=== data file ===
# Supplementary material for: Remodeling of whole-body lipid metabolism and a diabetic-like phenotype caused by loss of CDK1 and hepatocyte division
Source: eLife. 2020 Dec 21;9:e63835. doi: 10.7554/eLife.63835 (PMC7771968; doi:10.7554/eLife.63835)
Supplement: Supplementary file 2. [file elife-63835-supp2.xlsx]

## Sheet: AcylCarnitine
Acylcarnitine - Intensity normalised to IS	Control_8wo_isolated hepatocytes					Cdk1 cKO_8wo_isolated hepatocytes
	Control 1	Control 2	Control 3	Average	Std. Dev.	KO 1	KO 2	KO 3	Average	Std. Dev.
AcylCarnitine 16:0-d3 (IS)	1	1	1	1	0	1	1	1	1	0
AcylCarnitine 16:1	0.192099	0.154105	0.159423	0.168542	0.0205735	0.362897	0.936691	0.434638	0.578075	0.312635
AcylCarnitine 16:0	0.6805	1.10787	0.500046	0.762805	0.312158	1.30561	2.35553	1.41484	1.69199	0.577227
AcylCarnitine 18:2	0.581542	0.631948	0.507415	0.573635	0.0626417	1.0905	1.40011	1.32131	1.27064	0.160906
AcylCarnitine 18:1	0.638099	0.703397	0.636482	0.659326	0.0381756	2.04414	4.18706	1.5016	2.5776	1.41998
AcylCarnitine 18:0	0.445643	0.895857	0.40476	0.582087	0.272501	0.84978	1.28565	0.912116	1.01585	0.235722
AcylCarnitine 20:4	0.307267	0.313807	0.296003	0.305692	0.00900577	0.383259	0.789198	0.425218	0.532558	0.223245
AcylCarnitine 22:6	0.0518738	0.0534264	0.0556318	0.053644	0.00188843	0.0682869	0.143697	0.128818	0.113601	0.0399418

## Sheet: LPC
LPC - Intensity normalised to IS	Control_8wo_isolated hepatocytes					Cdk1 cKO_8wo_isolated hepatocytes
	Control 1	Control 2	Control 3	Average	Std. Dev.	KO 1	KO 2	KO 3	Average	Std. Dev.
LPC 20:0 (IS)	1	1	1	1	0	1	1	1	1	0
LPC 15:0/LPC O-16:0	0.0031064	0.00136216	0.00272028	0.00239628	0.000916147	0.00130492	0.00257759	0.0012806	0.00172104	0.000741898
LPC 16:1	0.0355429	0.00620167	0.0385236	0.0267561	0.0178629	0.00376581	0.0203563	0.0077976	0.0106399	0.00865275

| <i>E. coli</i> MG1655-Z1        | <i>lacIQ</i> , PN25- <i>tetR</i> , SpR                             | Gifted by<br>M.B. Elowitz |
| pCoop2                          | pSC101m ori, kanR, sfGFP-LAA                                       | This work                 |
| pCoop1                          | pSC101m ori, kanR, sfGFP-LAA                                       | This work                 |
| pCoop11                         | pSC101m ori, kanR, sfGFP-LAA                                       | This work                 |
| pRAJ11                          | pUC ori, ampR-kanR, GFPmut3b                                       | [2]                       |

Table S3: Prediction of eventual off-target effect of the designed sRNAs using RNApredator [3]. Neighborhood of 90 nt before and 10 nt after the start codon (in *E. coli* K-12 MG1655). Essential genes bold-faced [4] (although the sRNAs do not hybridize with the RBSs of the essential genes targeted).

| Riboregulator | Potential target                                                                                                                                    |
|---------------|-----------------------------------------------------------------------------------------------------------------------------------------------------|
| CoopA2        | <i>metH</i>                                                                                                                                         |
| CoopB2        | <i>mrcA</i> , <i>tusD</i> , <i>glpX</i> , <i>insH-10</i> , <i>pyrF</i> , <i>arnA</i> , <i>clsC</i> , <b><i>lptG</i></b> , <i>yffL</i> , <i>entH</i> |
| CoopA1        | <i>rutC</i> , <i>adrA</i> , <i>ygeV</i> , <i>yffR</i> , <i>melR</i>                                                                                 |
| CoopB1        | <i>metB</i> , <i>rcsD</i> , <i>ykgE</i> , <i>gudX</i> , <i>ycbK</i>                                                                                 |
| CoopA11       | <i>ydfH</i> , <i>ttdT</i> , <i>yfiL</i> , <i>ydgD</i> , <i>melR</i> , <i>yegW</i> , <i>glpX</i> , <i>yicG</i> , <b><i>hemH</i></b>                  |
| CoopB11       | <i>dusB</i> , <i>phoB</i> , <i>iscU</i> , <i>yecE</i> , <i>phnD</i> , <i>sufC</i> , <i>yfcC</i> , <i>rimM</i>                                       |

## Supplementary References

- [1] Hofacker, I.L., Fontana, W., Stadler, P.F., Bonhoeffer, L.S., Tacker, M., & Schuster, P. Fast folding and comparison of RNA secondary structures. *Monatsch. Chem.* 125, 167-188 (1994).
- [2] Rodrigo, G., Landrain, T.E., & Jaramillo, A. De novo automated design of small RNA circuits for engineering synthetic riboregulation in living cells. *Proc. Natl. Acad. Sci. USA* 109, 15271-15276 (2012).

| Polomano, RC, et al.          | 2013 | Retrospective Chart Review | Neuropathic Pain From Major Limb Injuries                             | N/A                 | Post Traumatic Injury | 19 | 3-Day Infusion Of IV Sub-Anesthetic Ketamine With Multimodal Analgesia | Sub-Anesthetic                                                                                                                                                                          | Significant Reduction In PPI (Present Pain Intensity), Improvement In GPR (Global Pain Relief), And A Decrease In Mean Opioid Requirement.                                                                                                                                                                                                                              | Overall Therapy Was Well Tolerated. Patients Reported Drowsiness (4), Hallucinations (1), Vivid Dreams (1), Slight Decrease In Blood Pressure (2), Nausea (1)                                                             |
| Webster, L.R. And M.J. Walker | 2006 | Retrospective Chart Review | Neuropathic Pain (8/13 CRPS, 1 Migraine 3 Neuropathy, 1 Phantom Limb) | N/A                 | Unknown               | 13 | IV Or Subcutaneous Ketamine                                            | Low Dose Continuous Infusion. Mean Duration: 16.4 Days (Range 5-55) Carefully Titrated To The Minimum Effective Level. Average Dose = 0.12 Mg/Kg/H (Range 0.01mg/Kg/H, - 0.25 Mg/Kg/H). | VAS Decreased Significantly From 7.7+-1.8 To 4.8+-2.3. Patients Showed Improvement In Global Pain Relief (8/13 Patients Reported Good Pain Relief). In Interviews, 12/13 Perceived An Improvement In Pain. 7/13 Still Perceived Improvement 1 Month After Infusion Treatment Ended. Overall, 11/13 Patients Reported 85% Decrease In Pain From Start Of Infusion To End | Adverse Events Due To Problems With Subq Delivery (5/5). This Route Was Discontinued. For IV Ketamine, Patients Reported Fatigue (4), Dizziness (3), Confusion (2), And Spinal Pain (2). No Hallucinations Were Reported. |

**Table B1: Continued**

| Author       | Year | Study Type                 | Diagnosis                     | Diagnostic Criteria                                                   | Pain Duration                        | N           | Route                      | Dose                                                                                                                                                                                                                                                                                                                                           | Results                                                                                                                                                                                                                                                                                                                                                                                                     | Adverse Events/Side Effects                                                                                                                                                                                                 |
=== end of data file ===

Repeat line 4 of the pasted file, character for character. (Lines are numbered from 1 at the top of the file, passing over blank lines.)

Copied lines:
## Sheet: AcylCarnitine